Donnelly CH 9- HR and Foreign Policy

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Political Science
Political Science 3388E
James S Quinn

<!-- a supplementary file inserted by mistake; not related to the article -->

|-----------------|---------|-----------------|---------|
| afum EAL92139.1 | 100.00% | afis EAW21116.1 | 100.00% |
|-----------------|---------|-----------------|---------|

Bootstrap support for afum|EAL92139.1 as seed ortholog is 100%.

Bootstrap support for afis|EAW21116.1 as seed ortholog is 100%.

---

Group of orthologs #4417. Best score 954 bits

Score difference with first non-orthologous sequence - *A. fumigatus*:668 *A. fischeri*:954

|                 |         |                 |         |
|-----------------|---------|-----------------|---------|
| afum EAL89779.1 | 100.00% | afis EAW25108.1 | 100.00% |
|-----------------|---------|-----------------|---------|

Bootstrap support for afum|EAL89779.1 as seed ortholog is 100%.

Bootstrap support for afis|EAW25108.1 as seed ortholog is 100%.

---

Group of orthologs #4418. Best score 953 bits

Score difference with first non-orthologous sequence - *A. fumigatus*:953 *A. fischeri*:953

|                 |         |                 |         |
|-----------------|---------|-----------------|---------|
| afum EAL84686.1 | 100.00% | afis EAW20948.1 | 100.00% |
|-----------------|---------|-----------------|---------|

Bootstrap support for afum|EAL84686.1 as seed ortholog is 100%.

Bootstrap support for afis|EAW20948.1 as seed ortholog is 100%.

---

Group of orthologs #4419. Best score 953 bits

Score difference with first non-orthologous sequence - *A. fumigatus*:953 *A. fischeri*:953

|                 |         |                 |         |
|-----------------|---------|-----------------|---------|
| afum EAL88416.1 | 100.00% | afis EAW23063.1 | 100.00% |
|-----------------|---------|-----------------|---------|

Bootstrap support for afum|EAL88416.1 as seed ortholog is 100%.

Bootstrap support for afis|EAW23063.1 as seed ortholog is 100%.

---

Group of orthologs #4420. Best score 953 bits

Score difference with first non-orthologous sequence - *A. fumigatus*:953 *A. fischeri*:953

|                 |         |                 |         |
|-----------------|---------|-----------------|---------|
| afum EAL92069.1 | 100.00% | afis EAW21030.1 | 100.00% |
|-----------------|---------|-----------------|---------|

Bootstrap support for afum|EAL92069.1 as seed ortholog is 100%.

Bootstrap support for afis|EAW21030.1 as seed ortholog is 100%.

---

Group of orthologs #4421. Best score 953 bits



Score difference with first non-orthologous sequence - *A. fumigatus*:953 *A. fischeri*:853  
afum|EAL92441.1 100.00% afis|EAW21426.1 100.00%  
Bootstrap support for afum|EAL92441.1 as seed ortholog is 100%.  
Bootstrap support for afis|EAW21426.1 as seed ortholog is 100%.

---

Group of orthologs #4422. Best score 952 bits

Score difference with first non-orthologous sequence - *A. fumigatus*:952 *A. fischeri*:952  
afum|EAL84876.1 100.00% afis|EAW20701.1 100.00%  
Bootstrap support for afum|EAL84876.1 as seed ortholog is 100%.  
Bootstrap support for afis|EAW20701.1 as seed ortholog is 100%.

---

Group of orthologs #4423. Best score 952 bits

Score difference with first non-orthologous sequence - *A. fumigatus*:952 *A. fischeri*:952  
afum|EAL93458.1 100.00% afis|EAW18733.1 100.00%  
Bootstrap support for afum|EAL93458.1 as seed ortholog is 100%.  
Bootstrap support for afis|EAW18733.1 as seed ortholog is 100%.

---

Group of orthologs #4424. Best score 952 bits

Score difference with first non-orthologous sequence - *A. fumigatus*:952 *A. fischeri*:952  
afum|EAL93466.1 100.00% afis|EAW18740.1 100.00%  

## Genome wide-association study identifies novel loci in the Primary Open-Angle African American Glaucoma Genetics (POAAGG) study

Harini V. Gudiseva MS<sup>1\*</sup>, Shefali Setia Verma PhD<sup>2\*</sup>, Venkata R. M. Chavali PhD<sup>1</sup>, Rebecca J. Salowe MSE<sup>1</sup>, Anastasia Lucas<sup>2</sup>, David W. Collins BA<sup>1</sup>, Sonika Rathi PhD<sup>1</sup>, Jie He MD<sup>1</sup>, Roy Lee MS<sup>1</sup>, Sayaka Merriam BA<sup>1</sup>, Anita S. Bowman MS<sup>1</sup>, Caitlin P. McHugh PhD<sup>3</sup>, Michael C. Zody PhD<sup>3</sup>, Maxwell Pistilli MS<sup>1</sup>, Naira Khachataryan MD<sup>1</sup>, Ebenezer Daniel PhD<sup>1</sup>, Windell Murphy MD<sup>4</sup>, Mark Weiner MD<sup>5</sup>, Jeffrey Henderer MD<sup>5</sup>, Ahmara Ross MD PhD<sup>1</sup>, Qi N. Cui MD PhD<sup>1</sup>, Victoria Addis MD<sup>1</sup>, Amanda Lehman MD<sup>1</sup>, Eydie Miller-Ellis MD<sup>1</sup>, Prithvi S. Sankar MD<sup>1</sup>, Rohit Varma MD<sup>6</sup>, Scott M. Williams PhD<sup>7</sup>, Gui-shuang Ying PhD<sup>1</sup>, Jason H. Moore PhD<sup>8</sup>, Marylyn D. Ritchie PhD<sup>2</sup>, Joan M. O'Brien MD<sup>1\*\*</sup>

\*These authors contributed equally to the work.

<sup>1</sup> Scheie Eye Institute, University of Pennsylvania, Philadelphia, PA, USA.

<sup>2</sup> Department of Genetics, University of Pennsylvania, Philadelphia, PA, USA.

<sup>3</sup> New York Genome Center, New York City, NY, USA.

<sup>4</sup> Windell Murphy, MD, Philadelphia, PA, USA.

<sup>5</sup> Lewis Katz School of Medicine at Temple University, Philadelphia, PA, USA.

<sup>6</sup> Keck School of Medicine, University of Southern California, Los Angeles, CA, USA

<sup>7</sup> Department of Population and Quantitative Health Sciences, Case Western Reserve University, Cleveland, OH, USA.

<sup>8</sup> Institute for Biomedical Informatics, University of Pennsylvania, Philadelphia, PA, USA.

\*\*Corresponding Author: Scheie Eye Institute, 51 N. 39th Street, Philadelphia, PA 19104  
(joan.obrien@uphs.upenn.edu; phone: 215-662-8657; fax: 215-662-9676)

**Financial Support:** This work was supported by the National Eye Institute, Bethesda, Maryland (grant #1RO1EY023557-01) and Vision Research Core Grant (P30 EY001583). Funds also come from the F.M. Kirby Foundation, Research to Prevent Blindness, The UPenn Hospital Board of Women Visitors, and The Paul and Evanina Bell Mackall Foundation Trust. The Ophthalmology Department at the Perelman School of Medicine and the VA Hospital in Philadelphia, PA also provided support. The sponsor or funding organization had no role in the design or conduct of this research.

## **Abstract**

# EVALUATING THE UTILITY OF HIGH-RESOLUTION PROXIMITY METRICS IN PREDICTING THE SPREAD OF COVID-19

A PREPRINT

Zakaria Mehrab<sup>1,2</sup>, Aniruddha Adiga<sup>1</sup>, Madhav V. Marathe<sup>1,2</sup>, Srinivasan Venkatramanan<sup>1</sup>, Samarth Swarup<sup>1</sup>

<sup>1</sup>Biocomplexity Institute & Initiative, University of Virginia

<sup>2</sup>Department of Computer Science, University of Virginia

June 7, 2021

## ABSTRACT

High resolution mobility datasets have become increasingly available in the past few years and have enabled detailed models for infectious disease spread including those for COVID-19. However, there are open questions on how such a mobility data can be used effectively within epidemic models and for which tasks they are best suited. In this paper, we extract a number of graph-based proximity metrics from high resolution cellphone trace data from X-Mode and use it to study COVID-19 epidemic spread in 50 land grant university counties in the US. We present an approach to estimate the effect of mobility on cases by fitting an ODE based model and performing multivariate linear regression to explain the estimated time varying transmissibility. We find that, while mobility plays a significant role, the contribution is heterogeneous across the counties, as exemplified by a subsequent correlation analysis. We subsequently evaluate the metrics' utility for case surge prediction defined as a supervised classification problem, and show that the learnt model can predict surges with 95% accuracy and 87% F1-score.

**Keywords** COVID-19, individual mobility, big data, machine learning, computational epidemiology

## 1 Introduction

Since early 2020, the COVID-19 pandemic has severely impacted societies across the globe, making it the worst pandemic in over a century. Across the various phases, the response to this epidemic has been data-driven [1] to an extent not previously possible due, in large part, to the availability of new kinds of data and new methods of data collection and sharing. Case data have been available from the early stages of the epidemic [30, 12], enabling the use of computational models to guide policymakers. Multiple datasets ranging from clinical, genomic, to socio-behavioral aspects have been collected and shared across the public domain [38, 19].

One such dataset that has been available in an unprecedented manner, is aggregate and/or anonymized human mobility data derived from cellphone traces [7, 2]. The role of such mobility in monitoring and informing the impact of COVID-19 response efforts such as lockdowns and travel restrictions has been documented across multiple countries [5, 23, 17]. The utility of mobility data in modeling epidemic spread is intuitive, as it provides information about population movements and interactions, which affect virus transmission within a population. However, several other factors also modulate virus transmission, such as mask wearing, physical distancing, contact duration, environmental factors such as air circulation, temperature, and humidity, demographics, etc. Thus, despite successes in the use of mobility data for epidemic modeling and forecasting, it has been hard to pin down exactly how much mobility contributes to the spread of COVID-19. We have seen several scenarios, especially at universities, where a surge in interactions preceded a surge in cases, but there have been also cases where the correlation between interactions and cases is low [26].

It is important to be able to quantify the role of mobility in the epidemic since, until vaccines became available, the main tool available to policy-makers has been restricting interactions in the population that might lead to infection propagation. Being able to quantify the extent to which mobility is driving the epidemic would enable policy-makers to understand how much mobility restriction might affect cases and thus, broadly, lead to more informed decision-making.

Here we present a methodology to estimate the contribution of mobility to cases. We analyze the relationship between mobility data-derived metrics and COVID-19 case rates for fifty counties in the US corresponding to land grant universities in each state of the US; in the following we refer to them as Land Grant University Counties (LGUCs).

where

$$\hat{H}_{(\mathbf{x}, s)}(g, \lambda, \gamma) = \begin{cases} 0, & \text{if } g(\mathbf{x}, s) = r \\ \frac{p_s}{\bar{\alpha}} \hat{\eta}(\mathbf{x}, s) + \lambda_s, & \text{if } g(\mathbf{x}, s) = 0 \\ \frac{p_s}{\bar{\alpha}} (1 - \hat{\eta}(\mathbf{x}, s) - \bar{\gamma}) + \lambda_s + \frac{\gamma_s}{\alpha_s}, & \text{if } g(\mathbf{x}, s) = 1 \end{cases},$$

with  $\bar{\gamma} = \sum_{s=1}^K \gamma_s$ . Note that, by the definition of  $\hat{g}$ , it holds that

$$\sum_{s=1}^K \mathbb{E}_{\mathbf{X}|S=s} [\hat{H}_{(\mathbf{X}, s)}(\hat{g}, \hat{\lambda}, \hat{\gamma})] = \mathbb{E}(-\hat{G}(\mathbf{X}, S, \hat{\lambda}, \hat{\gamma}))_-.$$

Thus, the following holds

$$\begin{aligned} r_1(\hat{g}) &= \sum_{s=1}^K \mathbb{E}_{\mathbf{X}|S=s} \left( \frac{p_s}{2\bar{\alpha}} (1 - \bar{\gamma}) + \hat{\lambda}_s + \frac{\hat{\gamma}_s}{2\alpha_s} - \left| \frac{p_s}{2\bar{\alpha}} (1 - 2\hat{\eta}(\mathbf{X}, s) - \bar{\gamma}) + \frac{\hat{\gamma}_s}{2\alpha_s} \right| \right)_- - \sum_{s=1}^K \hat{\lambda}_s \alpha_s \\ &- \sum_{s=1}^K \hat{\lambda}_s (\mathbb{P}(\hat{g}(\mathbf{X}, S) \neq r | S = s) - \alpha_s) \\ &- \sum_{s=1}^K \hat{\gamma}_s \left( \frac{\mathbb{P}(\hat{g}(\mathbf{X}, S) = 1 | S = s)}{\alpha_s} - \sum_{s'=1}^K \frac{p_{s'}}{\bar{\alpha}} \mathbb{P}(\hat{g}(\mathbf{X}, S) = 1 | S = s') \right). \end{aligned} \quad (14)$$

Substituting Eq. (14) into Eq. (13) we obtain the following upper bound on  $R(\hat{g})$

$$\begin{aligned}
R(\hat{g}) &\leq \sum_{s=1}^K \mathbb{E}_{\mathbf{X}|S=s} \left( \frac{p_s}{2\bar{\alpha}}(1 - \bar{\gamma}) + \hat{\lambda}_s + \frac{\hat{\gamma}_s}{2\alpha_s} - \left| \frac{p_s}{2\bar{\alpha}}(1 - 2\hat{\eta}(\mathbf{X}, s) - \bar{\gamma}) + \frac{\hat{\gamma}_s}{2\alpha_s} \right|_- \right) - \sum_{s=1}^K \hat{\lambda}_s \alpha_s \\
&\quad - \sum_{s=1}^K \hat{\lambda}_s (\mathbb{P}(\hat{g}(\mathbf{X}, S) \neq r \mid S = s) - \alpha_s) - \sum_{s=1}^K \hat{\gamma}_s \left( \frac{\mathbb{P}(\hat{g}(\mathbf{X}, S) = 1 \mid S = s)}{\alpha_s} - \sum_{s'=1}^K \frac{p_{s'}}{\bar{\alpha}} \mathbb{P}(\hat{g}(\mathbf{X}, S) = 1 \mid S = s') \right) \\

Donnelly Chapter 9 Human Rights and Foreign Policy 1. Human Rights: A Legitimate Concern for Foreign Policy? Three standard arguments connecting HR with foreign policy: 1) Realists reject a concern for international HR because foreign policy (FP) ought to be about the national interests defined in terms of power 2) Statists (or legalists) consider an active concern for the HR practices of other states as inconsistent with the fundamental principle of state sovereignty. 3) Relativists (or pluralists) views international HR policies as moral imperialism A. The Realist Argument (Morgenthau) • For Morgenthau, FP must be about “national interests defined in terms of power.” Morality is appropriate to individual nations but not the relation of the state • Morgenthau, “the principle of the defense of HR cannot be consistently applied in foreign policy because it can and must come in conflict with other interests that may be more important than the defense of human rights in a particular circumstance.” • Interests are not reducible to power • Donnelly- in certain circumstances it may be unwise to pursue human rights, but that must be determined empirically, case by case. Realists are not entitled to categorically exclude HR as a legitimate goal of FP B. The Statist (Legalist) Argument • IR is structured around the principle of sovereignty. Sovereignty in turn implies nonintervention in the internal affairs of other states. The statist argues that HR must be excluded from FP because what a state does with respect to its own nationals on its own territory is a matter of sovereign national jurisdiction and thus of no legitimate concern of other states. • Donnelly- International law can be seen as a body of restrictions of the sovereignty that have been accepted by states through the mechanism of custom and treaty. HR have become legitimate subjects in IR because sovereign states have chosen to make them so. • The weakness of existing international implementation and enforcement mechanisms (Ch. 8) might allow statists to argue that incorporating HR into FP still contravenes the fundamental principle of non intervention, but numerous instruments of FP (eg, diplomatic representations and granting/ withdrawing preferential trade agreements) do not involve intervention. Such means may be used on behalf of HR as legitimately as they are used on behalf of other goals of HR. Illegitimate intervention involves strongly coercive, dictatorial means. C. The Relativist (Pluralist) Argument • A country’s social and political order should be, on its face, entirely a matter of domestic jurisdiction. • Within a certain range of freedom, the autonomous choices of a free people should be restricted. This stresses the positive value of cultural diversity and respect for the values of other peoples and cultures • Kennan argues that “there are no internationally accepted standards of morality to which the US government could appeal if it wished to act in the name of moral principles”… Donnelly argues that this is not true in the case of HR • Donnelly- To act on behalf of internationally recognized HR is not to impose one’s own values on other countries. It involves bringing the practices of governments in line with their own professed values (which we share) • There are authoritative int. HR norms. As long as HR policy is based on these norms, it does not reflect moral imperialism. • Certain acts, practices, and customs do not deserve our respect even if they are tradition. 2. International HR and National Identity States pursue HR in their FP for many reasons, but a significant reason is the HR are important to national identity. • If HR are paramount moral rights, they impose some sort of obligation on all people and not just on fellow nationals. • Legal realities of sovereignty may limit legitimate action of foreigners on behalf of HR to short intervention. Political realities of competing national self interests may further restrict international HR policies, but the moral realities of the pervasive violation of universal HR demands some active response. • Countries without HR in their founding myths have in recent decades increasingly incorporated HR into their national self conceptions (eg HR as central to South African national self- image after end of apartheid or emergence of HR in Britain in the post colonial era) • In a more evolutionary way, HR have been incorporated into national self identities. Participation in international HR regimes place national rights in a broader international perspective (Eg. Britain’s 1997 decision to incorporate the European Convention directly into British Law) 3. Trade-offs Human rights must sometimes be sacrificed to other interests and values. HR typically (but not always) lose out in conflicts with most (but not all) competing FP objectives. Visualize a simple FP model with 4 interests: security, economic, HR, and other. • There are little to no examples where states would sacrifice national security in the interest of human rights • States occasionally give HR priority over economic interests, but often not o Tiananmen Square 1989  Most states with substantial economic relations with China adopted aid, trade, or investment sanctions  India and Russia, however remained largely silent and supportive of China  Other examples: non intervention in Rwanda, t
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